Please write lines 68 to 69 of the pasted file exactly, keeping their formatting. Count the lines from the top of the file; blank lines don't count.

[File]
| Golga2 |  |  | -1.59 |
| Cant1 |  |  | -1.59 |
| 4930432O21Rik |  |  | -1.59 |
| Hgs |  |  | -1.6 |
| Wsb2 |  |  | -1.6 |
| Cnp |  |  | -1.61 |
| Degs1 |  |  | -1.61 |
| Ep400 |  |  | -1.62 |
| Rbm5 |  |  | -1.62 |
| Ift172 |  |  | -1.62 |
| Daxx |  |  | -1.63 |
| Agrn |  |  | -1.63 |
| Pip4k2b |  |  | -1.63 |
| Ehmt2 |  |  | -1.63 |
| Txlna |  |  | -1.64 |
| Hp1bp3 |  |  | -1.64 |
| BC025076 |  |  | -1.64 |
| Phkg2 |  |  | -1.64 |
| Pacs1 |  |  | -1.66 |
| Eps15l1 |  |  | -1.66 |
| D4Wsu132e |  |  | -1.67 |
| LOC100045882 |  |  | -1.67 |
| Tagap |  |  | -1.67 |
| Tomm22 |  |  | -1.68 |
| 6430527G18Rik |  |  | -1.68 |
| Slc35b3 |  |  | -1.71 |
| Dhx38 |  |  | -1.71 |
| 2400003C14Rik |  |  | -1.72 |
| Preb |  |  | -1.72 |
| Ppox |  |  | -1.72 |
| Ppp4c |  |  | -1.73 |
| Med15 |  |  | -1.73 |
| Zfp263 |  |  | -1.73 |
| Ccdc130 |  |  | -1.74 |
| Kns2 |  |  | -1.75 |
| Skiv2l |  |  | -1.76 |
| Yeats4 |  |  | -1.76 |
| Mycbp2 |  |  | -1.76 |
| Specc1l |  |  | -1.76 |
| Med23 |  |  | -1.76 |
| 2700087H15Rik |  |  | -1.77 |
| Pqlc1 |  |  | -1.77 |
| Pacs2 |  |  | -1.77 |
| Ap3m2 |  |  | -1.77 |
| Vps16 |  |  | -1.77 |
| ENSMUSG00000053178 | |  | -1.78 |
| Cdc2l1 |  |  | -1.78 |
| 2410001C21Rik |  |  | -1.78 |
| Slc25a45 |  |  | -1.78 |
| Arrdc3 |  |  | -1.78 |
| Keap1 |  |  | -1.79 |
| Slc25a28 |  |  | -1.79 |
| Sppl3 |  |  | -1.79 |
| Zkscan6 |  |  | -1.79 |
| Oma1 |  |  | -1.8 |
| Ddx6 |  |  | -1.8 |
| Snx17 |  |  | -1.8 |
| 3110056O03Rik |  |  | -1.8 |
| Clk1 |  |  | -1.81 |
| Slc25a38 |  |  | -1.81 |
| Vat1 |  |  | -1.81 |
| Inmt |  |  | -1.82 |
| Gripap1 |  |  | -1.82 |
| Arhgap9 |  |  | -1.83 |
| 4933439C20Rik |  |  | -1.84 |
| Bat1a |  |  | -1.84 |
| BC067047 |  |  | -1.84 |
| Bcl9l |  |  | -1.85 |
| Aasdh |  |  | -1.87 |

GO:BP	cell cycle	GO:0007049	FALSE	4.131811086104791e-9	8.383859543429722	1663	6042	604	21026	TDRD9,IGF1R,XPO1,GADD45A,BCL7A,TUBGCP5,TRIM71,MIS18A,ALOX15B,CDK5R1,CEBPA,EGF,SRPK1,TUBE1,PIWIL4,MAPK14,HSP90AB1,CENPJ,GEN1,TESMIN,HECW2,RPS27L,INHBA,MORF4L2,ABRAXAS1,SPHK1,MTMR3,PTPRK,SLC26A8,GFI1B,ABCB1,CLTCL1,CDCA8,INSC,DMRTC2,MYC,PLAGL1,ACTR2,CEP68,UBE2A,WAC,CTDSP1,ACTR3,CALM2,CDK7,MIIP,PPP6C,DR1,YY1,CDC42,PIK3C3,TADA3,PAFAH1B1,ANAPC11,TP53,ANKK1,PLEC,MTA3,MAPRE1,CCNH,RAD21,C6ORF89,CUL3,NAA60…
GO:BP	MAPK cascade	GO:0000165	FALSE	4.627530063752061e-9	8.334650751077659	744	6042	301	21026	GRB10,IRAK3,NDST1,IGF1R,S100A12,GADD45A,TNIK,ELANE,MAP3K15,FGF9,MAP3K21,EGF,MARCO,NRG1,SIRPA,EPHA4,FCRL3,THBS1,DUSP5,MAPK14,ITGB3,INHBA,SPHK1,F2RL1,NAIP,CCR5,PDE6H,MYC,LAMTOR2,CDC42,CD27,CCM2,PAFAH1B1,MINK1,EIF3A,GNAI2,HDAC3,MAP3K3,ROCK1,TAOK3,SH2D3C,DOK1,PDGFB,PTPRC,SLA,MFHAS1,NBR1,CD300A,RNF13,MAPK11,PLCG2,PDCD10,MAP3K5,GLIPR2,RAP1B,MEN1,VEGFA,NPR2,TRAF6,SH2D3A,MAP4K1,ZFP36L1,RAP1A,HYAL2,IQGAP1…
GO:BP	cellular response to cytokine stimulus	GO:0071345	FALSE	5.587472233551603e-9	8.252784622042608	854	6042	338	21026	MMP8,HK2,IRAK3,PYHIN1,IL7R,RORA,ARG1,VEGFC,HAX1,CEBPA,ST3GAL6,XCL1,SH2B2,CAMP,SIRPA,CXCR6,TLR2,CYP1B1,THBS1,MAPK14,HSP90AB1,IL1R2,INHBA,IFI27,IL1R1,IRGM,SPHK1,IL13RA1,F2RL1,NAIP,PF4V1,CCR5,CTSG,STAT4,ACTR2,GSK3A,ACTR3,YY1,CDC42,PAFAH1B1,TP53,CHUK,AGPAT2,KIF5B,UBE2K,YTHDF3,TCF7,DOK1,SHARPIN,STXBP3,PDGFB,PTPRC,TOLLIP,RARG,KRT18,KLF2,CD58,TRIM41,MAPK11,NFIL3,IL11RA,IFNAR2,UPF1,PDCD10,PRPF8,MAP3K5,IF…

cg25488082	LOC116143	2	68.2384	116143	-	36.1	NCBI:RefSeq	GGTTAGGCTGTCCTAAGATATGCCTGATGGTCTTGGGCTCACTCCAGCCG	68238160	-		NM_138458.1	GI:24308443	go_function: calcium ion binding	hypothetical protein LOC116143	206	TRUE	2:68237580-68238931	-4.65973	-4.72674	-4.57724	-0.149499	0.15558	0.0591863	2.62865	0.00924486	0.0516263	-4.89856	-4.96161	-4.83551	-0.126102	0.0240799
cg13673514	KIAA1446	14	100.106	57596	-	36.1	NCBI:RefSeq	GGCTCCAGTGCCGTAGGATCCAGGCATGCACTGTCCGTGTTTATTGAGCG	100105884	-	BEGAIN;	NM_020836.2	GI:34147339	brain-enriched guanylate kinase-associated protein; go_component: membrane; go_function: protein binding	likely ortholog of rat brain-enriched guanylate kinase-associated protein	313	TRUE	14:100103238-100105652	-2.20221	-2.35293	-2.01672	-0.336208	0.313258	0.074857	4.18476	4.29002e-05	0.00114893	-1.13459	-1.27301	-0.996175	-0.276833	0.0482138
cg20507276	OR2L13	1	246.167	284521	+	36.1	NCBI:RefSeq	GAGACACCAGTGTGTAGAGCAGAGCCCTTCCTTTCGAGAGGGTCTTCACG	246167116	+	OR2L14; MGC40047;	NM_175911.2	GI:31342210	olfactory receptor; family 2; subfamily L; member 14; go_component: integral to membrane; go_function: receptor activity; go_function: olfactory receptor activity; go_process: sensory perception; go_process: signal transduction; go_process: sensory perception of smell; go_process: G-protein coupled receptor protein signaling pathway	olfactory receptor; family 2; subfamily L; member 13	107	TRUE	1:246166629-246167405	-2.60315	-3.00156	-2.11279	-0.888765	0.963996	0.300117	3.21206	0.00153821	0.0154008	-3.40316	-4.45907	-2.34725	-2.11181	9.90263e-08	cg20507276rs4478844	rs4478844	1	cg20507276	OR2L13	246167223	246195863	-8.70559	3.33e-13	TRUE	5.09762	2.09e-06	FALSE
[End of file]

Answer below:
| Bcl9l |  |  | -1.85 |
| Aasdh |  |  | -1.87 |